Here’s two stand-outs in another wave of openings exemplifying the gourmet fun of Korean snacking and casual eating, ideal with cheap beer and good friends.
ARIA KOREAN AMERICAN SNACK BAR, Tenderloin (932 Larkin St. between Post & Geary, 415-292-6914)
The Kim family has moved into what was Old Chelsea Fish & Chips with Aria Korean American Snack Bar. The closet-sized space is still dingy on a bustling Tenderloin block, but the Kims have infused it with fresh life, greeting with smiles and a record player stocked with Tom Jones and Sintra LPs. Mom and Pop Kim run the place, though their son and his girlfriend have come up from LA to help them get going.
They have a hit on their hands with their Korean Fried Chicken (9 pieces – $6.99-7.99, 16 pieces $12.99-13.99). It feels like everyone is doing KFC these days, but these boneless, overgrown nuggets are special: crispy-tender, fried in cottonseed oil. Dip in earthy-sweet “spicy sauce” and an addiction is born. Mama’s acidic sweet and sour radishes are just the right accompaniment to clean the palate and perk up the taste buds.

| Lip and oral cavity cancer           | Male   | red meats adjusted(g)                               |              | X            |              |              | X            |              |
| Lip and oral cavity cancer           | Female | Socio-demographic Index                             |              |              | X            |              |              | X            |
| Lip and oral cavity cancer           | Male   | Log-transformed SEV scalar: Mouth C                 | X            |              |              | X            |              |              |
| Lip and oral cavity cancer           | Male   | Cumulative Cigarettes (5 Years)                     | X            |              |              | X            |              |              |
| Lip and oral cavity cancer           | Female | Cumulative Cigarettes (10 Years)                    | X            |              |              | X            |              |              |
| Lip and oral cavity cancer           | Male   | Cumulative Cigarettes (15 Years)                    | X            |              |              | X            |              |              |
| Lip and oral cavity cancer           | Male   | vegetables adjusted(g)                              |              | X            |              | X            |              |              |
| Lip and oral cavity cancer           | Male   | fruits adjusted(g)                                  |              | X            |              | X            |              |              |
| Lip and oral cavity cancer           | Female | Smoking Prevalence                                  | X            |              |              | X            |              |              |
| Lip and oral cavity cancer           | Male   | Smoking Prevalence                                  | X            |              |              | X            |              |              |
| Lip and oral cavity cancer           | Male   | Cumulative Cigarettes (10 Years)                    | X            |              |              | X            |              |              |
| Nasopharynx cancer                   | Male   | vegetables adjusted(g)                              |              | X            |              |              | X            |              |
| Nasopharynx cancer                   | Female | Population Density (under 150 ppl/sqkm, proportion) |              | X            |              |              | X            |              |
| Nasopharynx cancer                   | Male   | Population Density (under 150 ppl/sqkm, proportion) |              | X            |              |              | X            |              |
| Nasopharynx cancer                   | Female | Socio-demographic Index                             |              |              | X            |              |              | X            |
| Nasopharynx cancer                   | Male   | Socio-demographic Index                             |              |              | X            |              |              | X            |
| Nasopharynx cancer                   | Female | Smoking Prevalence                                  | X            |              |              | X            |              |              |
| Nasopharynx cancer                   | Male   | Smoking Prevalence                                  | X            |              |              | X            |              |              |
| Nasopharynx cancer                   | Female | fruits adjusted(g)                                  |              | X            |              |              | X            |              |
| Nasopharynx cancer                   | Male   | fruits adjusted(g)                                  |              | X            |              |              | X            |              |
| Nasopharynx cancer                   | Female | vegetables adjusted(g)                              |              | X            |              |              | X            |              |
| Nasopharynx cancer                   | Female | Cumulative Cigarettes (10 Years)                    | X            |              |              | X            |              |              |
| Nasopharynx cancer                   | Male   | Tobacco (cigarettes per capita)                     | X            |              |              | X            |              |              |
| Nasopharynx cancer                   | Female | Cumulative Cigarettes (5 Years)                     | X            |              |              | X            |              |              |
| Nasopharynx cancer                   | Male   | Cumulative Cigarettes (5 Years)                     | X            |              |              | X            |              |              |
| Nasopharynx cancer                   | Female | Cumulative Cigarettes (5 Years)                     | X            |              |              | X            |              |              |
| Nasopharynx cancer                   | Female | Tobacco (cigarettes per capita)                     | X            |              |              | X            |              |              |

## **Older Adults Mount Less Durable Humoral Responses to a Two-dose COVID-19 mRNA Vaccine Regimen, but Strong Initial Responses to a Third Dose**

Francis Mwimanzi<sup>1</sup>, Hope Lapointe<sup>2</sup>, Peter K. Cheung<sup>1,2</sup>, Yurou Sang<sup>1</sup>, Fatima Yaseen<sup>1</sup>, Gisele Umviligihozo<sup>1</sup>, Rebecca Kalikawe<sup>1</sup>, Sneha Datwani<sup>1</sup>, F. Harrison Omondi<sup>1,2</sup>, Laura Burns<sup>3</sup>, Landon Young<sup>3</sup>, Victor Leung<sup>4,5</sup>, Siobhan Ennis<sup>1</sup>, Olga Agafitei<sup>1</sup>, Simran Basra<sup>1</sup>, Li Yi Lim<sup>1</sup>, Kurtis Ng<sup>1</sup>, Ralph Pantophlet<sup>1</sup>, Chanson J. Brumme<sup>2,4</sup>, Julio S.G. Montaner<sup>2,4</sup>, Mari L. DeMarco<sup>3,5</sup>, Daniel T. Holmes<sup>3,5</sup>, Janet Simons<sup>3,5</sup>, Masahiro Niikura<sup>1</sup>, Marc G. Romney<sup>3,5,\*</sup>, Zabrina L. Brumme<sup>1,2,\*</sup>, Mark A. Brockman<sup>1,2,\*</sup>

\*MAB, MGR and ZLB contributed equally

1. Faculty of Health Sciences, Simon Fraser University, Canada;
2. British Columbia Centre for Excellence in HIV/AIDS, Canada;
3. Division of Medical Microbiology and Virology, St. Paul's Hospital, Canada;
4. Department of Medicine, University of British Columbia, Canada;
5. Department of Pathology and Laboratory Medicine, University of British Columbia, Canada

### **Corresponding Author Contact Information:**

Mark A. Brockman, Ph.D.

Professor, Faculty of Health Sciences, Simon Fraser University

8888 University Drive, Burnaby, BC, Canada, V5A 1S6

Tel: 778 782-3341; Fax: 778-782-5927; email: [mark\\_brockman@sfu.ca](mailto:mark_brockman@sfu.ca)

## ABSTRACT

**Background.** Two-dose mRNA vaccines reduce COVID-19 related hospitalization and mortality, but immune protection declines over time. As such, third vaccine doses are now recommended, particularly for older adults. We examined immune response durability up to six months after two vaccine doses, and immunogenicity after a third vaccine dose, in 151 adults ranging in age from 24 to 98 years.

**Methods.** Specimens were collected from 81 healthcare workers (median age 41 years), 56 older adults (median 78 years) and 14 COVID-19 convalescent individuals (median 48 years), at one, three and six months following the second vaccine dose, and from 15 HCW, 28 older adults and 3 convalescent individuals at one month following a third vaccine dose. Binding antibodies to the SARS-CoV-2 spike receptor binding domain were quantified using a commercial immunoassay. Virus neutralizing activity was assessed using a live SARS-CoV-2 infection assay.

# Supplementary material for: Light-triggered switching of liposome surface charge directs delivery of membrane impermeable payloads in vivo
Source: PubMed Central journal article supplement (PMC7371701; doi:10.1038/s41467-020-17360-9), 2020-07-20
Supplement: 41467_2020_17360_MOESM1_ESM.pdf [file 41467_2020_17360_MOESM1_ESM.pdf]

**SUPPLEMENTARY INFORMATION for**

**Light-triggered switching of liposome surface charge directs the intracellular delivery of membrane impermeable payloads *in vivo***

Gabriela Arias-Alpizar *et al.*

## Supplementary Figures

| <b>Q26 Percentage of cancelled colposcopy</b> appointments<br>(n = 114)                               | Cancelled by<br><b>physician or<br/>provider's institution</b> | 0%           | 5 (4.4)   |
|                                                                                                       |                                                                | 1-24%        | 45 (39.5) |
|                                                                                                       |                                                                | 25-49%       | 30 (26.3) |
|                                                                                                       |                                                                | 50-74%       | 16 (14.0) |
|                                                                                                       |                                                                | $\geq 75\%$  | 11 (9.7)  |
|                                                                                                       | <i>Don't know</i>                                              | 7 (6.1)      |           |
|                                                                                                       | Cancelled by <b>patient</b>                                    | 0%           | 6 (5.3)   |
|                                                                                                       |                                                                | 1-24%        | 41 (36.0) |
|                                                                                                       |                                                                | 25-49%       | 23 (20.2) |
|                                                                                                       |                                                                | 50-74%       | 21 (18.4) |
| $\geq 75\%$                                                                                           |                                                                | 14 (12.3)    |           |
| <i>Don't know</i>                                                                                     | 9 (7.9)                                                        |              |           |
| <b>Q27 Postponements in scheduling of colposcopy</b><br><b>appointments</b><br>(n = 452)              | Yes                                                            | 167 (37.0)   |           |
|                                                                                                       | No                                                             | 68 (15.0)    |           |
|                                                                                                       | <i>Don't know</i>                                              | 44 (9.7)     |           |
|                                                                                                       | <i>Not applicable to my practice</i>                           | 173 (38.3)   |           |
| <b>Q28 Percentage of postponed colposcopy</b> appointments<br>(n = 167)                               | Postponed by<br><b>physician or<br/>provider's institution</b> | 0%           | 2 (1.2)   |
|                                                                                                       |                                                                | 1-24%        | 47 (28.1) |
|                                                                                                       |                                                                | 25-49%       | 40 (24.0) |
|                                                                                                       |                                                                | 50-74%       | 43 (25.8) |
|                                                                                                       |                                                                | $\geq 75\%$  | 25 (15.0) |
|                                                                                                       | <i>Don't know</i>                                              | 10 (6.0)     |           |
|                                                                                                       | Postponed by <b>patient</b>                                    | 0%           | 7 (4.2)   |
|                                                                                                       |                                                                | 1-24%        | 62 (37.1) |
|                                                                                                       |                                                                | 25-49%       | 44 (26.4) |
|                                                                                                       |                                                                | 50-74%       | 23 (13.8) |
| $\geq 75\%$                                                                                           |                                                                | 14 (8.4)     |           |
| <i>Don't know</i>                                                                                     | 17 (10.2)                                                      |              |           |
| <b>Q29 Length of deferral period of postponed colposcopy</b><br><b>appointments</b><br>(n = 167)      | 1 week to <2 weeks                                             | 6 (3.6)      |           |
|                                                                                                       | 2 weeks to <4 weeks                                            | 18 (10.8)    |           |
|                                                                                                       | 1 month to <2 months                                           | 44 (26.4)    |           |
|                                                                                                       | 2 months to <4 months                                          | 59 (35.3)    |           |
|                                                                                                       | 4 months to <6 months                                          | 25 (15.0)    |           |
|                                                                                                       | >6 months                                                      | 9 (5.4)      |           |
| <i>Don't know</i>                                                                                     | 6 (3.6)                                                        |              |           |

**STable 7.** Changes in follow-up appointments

There’s an array of fried snacks, from mixed veggies (carrots, sweet potato, zucchini, onion) to fried seaweed rolls packed with potato and glass noodles ($5.99, 8 pieces). Another of Mama Kim’s recipes is Korean hot and spicy rice cake ($5.99), blessedly chewy, it sits in – what else? – a spicy, red sauce. The Kim family’s good cheer and authentic, fried bites make this the kind of snack bar every neighborhood should be so lucky to have.
FuseBOX, Oakland (2311 A Magnolia St. at 24th, 510-444-3100)
Tucked away in a sunny courtyard off desolate West Oakland streets is FuseBOX, a truly exciting haven for Asian “fusion” – only open Wednesday through Friday (11:30am—2:30pm) though dinner is promised soon. You could deem it Korean food served Japanese izakaya style, although it’s mashup of both and beyond. Open just over three months, this cash-only respite from Sunhui and Ellen Sebastian Chang offers daily robata bites ($1-3) on the specials board. Granted, these are merely bites, but the joy is sampling a range of grilled vegetables and meat.